Pregnancy Blues and Post Natal Depression

Pregnancy Blues and Post Natal Depression

Depression that occurs during the course of pregnancy is known as prenatal depression. There are estimates that as many as 70 of women experience symptoms of depression during pregnancy, making it a wide spread concern.

According to senior gynaecologist, Dr. Ranjit Chakraborti, While hormones are often blamed for many of the mood swings and other emotional and psychological happenings in pregnancy, they are only one part of the picture when it comes to pregnancy and depression. Sometimes the stress of pregnancy brings on depressive symptoms, even when the pregnancy was planned. These feeling might intensify if the pregnancy is complicated or unplanned or if life itself is stressful. Adding further, he said that the real problem with depression in pregnancy is that it can have a negative impact on good prenatal care, particularly in the areas of nutrition, sleep habits, exercise and following care instructions from the doctor. Substance abuse, including alcohol and cigarette smoking, also tends to be higher in pregnant women who report depression. Signs of Depression ” Problems in concentrating ” Problems with sleeping ” Fatigue ” Changes in eating habits ” Feeling anxious ” Irritability ” Feeling blue Dr. Chakraborti shares, Depression is associated with high numbers of somatic symptoms, some of which can be debilitating. Included are headache, nausea, stomach pain, shortness of breath, gastrointestinal problems, palpitations, dizziness and sexual dysfunction. In the absence of adequate treatment the depression can accelerate. Episodes may become more frequent and severe, resulting in substantial maternal and infant morbidity. Functional impairment, inadequate prenatal care, pre-eclampsia, substance abuse, increased risk of postnatal depression and ultimately poor pregnancy outcomes have all been associated with depression during the obstetric period. Consequently, a risk exists for potentially devastating consequences that impact upon both mother and baby. The disability and suffering associated with depression are not limited to the patient; rather, entire families are affected. Depression-related functional impairment in the mother is likely to affect her children negatively.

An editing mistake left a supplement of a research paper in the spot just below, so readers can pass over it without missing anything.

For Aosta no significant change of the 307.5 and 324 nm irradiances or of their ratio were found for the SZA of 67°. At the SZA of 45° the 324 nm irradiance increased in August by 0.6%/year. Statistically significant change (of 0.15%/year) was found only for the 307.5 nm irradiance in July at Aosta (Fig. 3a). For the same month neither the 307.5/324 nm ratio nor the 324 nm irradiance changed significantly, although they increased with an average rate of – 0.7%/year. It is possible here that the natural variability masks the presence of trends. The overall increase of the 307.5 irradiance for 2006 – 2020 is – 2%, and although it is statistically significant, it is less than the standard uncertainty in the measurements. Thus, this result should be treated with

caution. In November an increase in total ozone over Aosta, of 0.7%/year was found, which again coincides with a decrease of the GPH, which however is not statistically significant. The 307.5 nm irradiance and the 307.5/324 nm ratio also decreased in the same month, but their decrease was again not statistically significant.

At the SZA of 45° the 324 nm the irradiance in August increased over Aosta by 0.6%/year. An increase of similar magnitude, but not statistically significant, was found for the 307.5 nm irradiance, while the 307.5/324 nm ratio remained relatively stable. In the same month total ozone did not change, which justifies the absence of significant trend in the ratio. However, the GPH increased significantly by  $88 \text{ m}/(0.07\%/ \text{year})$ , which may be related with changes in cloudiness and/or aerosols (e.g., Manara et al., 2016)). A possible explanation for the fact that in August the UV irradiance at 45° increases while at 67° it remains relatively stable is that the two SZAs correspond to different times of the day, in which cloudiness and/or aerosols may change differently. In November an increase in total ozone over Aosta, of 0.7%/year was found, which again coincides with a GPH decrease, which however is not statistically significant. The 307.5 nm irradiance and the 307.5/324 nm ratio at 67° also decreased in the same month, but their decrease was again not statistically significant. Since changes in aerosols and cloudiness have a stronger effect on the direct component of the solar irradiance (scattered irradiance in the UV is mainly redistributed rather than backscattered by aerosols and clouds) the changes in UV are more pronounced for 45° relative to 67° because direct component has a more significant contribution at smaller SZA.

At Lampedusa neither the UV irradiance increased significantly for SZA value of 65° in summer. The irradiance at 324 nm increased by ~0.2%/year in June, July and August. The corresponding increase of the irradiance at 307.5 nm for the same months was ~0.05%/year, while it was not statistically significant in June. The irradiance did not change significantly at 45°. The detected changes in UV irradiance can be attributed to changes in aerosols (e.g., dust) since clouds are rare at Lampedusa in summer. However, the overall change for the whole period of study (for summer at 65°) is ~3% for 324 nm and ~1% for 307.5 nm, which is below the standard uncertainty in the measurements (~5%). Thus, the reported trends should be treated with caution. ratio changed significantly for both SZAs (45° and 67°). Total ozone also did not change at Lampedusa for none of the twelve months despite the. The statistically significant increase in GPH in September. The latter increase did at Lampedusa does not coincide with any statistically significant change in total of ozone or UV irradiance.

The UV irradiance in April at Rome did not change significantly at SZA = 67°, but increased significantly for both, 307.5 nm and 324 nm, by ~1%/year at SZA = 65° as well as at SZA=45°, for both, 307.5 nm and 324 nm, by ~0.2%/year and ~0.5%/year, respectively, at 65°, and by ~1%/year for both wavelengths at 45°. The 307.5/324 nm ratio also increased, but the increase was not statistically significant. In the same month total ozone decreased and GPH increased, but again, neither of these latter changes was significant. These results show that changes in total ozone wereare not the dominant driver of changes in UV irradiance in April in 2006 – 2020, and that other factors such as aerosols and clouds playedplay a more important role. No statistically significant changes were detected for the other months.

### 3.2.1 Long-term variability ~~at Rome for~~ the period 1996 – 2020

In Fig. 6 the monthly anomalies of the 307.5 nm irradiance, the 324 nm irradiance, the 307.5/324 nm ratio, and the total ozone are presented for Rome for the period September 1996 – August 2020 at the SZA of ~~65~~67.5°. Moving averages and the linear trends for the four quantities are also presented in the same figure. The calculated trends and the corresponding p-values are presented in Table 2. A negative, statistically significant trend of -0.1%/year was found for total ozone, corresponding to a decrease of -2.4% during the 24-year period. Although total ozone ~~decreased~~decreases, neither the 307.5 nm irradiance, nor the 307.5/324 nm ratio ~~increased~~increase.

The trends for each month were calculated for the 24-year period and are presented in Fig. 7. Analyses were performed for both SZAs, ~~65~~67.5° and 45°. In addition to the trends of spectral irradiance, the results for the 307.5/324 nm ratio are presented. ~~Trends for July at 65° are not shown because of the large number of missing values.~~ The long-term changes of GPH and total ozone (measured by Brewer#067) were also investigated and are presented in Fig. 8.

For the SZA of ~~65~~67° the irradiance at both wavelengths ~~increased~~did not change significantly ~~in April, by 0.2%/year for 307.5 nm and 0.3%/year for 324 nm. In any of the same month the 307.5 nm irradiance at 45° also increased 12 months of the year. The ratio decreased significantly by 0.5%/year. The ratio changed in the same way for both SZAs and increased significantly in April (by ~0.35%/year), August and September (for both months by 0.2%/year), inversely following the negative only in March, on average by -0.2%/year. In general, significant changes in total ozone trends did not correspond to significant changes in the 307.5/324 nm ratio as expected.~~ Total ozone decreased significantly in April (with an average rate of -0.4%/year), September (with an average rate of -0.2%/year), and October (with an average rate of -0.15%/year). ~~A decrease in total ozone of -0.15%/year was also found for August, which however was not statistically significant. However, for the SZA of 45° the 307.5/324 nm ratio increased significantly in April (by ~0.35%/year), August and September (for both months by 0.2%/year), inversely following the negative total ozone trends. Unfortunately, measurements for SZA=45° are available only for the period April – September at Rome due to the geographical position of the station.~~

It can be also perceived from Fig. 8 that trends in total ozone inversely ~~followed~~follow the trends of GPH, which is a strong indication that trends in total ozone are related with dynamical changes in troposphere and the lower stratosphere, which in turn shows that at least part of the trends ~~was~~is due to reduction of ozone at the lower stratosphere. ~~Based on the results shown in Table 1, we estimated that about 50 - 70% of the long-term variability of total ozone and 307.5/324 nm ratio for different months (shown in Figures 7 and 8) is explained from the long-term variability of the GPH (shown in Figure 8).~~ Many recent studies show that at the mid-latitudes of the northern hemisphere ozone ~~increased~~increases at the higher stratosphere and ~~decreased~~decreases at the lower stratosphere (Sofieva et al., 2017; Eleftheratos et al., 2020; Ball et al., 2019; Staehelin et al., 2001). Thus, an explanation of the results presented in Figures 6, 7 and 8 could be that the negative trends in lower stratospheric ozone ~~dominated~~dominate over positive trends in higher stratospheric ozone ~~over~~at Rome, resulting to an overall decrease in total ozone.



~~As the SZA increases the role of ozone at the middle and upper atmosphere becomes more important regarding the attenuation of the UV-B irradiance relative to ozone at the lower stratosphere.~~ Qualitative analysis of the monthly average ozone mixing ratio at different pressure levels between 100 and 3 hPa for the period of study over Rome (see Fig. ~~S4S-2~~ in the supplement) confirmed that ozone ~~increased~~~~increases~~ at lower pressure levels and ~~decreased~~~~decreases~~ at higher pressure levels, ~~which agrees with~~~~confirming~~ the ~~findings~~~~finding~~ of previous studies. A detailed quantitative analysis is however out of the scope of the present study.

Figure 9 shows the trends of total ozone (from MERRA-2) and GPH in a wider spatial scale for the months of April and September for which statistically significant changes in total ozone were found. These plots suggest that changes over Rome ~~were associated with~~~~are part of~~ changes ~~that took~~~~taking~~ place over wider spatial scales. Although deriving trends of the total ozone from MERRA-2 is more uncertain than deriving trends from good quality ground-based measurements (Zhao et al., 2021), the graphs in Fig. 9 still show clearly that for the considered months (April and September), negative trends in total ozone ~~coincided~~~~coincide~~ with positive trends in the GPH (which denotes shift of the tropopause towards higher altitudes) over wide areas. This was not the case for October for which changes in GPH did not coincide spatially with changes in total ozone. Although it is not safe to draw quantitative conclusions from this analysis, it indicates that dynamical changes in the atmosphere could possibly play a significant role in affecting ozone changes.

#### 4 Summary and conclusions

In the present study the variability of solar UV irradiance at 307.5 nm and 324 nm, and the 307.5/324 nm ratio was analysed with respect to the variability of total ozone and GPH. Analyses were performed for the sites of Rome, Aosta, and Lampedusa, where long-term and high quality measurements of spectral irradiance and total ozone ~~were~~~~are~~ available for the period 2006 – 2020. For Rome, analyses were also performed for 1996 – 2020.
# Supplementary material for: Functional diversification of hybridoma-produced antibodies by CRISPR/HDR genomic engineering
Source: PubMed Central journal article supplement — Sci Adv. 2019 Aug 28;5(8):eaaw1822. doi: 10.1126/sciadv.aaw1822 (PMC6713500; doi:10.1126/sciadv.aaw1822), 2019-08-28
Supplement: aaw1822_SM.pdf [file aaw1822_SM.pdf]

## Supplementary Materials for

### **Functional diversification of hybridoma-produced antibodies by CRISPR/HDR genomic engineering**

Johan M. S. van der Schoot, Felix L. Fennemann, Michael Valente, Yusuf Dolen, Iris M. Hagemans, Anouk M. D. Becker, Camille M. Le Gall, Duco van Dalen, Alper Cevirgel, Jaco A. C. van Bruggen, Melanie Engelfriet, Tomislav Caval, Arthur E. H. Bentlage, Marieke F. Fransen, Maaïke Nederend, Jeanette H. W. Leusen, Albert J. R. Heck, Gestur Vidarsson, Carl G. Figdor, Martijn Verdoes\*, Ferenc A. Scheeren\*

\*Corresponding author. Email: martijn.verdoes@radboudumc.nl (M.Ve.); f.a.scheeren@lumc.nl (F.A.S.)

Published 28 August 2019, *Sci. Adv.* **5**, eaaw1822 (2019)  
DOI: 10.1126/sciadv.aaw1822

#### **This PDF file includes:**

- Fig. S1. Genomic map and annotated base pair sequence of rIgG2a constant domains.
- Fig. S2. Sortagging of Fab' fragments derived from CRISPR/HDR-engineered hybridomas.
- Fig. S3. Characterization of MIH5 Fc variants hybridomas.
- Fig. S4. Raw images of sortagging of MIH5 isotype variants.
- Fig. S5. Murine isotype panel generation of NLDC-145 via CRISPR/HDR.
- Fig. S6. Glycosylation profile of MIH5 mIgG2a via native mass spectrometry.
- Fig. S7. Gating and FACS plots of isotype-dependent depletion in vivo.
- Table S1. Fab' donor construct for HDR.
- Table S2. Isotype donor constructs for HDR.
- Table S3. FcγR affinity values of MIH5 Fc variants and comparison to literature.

Dr. Chakraborti informs, Intrauterine growth retardation (IUGR) and low neonatal birth weight.97 IUGR is a major cause of perinatal mortality and morbidity, and an important cause of developmental impairment in later life. When depression is associated with weight loss, fetal growth may be negatively affected. Rather than weight, body mass index (BMI) is used to gauge a woman’s health status during pregnancy. It is defined as weight in kilograms divided by height in square metres. Low pre-pregnancy BMI and low weight gain during pregnancy have been correlated with increased depressive symptom scores. Signs of Prenatal Depression 1. Lack of concentration 2. Sleep disorders 3. Continuous fatigue 4. Sudden change in eating 5. Constant anxious feeling 6. Irritation and feeling blue Postnatal Depression Postnatal Depression is also known as postpartum depression or baby blues. Dr. Chakraborti explains, The first month after a delivery of a new born baby is a time of major changes for women. Female hormones and weight are rapidly readjusting. There may be new and stressful changes in relationships with other children, the father of the baby, parents and in-laws, colleagues at work, and friends. Of course, the new baby needs almost constant attention and feeding every two hours, resulting in feeding mothers sleep deprivation. All of these factors can contribute to post-natal depression and mood swings.

If the moodiness only lasts 2 -3 weeks and then goes away, it’s commonly called the “baby blues”. This natural reaction to stress is experienced by more than half of new mothers.

However, if the feelings of depression or anxiety continue more than three weeks, a more serious condition called post-partum depression may exist. For most women, symptoms are transient and relatively mild (ie, postpartum blues); however, 10-15% of women experience a more disabling and persistent form of mood disturbance (eg, postpartum depression, postpartum psychosis).

According to Dr. Chakraborti, You have a higher chance of post-natal depression if: ” You have mood disorders prior to pregnancy, including depression with a prior pregnancy. ” You have a close family member who has had depression or anxiety. ” Anything particularly stressful happened to you during the pregnancy, including illness, death or illness of a loved one, a difficult or emergency delivery, premature delivery, or illness or child abnormailty.

” You are in your teens or over age 40. ” The pregnancy in question is unwanted or unplanned. ” Current substance abuse. There is no single test to diagnose post-natal depression. Sometimes depression following pregnancy can be related to other medical conditions. Hypothyroidism, for example, causes symptoms such as fatigue, irritability, and depression. Women with post-natal depression should have a blood test to screen for low thyroid hormones. This condition is easily treated with supplemental hormone. Another clue to post-natal depression can be weight gain or failure to lose weight after pregnancy, despite breast-feeding the baby.

The treatment for depression after birth often includes medication, psychotherapy, or a combination of both. Once post-natal depression is diagnosed, the mother will need to be followed closely for at least six months.

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